July 2011
Volume 52, Issue 8
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Clinical Trials  |   July 2011
Role of Adenosine in the Control of Choroidal Blood Flow during Changes in Ocular Perfusion Pressure
Author Affiliations & Notes
  • Doreen Schmidl
    From the Departments of Clinical Pharmacology and
  • Guenther Weigert
    Ophthalmology and
  • Guido T. Dorner
    Ophthalmology and
  • Hemma Resch
    Ophthalmology and
  • Julia Kolodjaschna
    From the Departments of Clinical Pharmacology and
  • Michael Wolzt
    From the Departments of Clinical Pharmacology and
  • Gerhard Garhofer
    From the Departments of Clinical Pharmacology and
  • Leopold Schmetterer
    From the Departments of Clinical Pharmacology and
    the Center of Medical Physics and Biomedical Engineering, Medical University of Vienna, Vienna, Austria.
  • Corresponding author: Leopold Schmetterer, Department of Clinical Pharmacology, Medical University of Vienna, Waehringer Guertel 18-20, A-1090 Vienna, Austria; leopold.schmetterer@meduniwien.ac.at
Investigative Ophthalmology & Visual Science July 2011, Vol.52, 6035-6039. doi:10.1167/iovs.11-7491
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      Doreen Schmidl, Guenther Weigert, Guido T. Dorner, Hemma Resch, Julia Kolodjaschna, Michael Wolzt, Gerhard Garhofer, Leopold Schmetterer; Role of Adenosine in the Control of Choroidal Blood Flow during Changes in Ocular Perfusion Pressure. Invest. Ophthalmol. Vis. Sci. 2011;52(8):6035-6039. doi: 10.1167/iovs.11-7491.

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Abstract

Purpose.: The purpose of the present study was to investigate whether the nucleoside adenosine is involved in the regulatory processes of choroidal blood flow (ChBF) during an experimental decrease in ocular perfusion pressure (OPP).

Methods.: In this randomized, double-masked, placebo-controlled, two-way crossover study, 14 subjects received either intravenous adenosine or placebo on two different study days. The suction cup method was used for a stepwise increase in intraocular pressure (IOP). Subfoveal ChBF was measured by laser Doppler flowmetry. Mean arterial pressure (MAP) and IOP were measured noninvasively. Ocular perfusion pressure was calculated as OPP = ⅔MAP − IOP.

Results.: Adenosine increased ChBF significantly versus placebo before application of the suction cup (P < 0.05). When the suction cup was applied, a significant decrease in OPP was observed. This effect was comparable on all study days. The decrease in OPP was paralleled by a significant decrease in ChBF (maximum between −43% and −52%) which was less pronounced than the decrease in OPP (maximum between −62% and −64%). Neither placebo nor adenosine influenced the ChBF increase during suction cup–induced changes in OPP.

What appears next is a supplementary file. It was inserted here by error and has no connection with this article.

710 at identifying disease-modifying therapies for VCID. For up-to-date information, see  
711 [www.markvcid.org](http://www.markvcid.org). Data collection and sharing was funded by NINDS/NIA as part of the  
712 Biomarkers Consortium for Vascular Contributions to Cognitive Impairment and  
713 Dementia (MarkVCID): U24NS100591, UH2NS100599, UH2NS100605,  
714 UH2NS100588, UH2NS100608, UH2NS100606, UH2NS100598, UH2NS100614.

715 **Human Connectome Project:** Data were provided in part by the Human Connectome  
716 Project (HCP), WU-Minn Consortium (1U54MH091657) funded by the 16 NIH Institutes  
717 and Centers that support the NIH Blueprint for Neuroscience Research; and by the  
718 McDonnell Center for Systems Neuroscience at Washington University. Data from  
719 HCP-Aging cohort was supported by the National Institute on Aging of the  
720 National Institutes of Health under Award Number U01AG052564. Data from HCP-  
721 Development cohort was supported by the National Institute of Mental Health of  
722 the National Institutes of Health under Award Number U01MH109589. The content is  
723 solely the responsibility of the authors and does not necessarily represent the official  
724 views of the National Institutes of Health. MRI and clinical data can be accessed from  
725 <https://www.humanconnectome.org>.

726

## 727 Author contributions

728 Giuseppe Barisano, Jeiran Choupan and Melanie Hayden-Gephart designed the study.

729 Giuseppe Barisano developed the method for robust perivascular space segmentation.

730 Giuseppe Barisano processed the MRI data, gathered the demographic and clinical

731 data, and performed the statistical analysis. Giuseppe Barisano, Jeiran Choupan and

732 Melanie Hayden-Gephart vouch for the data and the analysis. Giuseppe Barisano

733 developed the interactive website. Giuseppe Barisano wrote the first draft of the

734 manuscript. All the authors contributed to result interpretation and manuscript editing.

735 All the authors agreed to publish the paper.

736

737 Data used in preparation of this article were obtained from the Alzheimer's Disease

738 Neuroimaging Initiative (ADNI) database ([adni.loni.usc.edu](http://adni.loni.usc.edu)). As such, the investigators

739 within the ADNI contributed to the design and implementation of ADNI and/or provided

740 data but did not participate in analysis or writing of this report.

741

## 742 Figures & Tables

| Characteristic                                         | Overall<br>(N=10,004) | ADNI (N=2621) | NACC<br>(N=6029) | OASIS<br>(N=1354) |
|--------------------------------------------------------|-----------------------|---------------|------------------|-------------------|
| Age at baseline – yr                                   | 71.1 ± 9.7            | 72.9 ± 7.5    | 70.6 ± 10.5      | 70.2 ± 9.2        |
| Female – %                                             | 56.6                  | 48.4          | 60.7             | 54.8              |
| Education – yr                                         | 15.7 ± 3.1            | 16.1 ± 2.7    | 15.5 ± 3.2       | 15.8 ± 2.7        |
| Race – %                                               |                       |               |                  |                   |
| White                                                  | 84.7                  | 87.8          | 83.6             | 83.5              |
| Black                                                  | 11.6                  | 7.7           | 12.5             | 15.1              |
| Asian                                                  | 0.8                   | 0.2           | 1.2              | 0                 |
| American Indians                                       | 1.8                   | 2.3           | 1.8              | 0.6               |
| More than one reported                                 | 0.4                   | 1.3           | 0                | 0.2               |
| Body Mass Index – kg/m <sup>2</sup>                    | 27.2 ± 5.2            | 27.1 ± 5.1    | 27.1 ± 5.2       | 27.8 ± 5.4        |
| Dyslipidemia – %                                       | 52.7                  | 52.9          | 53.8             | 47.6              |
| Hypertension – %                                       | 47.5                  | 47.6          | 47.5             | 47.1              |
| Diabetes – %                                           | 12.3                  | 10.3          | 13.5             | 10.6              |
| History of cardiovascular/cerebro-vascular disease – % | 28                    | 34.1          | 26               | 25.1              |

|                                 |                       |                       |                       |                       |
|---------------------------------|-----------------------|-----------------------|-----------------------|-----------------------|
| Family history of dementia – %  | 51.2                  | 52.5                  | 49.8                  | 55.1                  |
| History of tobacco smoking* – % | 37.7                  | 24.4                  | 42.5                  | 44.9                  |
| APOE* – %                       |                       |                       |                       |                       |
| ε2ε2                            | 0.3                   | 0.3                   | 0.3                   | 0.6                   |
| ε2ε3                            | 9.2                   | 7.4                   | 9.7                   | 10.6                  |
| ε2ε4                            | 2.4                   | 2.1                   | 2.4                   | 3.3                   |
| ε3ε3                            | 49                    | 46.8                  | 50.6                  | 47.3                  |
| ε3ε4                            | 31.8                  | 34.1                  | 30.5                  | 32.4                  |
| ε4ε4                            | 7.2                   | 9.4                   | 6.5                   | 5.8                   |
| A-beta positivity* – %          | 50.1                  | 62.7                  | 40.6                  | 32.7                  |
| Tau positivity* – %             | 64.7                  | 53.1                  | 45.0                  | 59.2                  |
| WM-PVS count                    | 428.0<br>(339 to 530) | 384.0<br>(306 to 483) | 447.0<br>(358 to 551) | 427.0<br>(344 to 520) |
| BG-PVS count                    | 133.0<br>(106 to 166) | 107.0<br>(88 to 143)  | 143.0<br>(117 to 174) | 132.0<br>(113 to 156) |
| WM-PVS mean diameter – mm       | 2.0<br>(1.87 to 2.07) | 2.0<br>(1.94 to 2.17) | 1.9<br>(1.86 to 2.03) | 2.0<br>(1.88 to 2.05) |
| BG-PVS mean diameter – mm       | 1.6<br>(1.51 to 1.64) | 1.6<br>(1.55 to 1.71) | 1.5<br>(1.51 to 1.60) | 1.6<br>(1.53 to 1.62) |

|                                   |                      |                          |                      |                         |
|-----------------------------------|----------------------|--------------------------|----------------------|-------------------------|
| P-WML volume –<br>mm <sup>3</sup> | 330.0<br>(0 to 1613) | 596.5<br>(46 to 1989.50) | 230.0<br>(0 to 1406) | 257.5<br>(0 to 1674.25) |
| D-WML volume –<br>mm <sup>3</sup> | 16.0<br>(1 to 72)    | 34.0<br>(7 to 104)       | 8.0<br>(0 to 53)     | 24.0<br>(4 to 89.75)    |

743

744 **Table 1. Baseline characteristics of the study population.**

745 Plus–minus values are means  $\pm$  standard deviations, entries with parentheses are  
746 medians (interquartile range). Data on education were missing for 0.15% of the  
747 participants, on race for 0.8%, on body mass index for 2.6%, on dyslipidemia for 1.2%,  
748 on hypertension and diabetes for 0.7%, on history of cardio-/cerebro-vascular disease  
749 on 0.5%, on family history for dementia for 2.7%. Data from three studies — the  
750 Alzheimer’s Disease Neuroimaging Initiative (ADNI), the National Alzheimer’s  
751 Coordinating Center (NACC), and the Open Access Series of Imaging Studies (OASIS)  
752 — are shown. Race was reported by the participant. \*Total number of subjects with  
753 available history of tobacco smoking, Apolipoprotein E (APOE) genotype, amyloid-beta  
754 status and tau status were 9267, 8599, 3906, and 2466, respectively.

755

Conclusions.: The data of the present study confirm that the human choroid shows some regulatory capacity during a decrease in OPP. Adenosine influences basal vascular tone in the choroid but is not involved in the regulatory mechanisms during an increase in IOP. (ClinicalTrials.gov number, NCT00712764.)

Autoregulation is defined as the ability of a vascular bed to maintain its blood flow despite changes in perfusion pressure. It is well documented that retinal blood flow is autoregulated in response to changes in perfusion pressure. 1 6 In the past 20 years, evidence has accumulated that the choroid also shows some regulatory capacity. 7 13 Most of these data come from experiments using laser Doppler flowmetry (LDF). Before that era, the choroid was assumed to be a strictly passive vascular bed. 14 17 Choroidal blood flow (ChBF) seems to be better regulated in response to an experimental increase in mean arterial pressure (MAP) than an increase in intraocular pressure (IOP). 11,18 22  
The mechanisms behind ChBF regulation during changes in perfusion pressure have yet to be investigated. Since the pressure–flow relationship in the choroid appears to be unaltered during moderate hypercapnia and hyperoxia, a metabolic mechanism seems unlikely. 18 The choroid, however, shows rich neuronal innervation, indicating that neurogenic mechanisms are involved in ChBF regulation. 12 As such, blood flow regulation in the choroid cannot be considered autoregulation in its strict sense, because the term refers to an isolated vascular bed. A myogenic mechanism may also play a role in ChBF adaptation during changes in ocular perfusion pressure (OPP). 7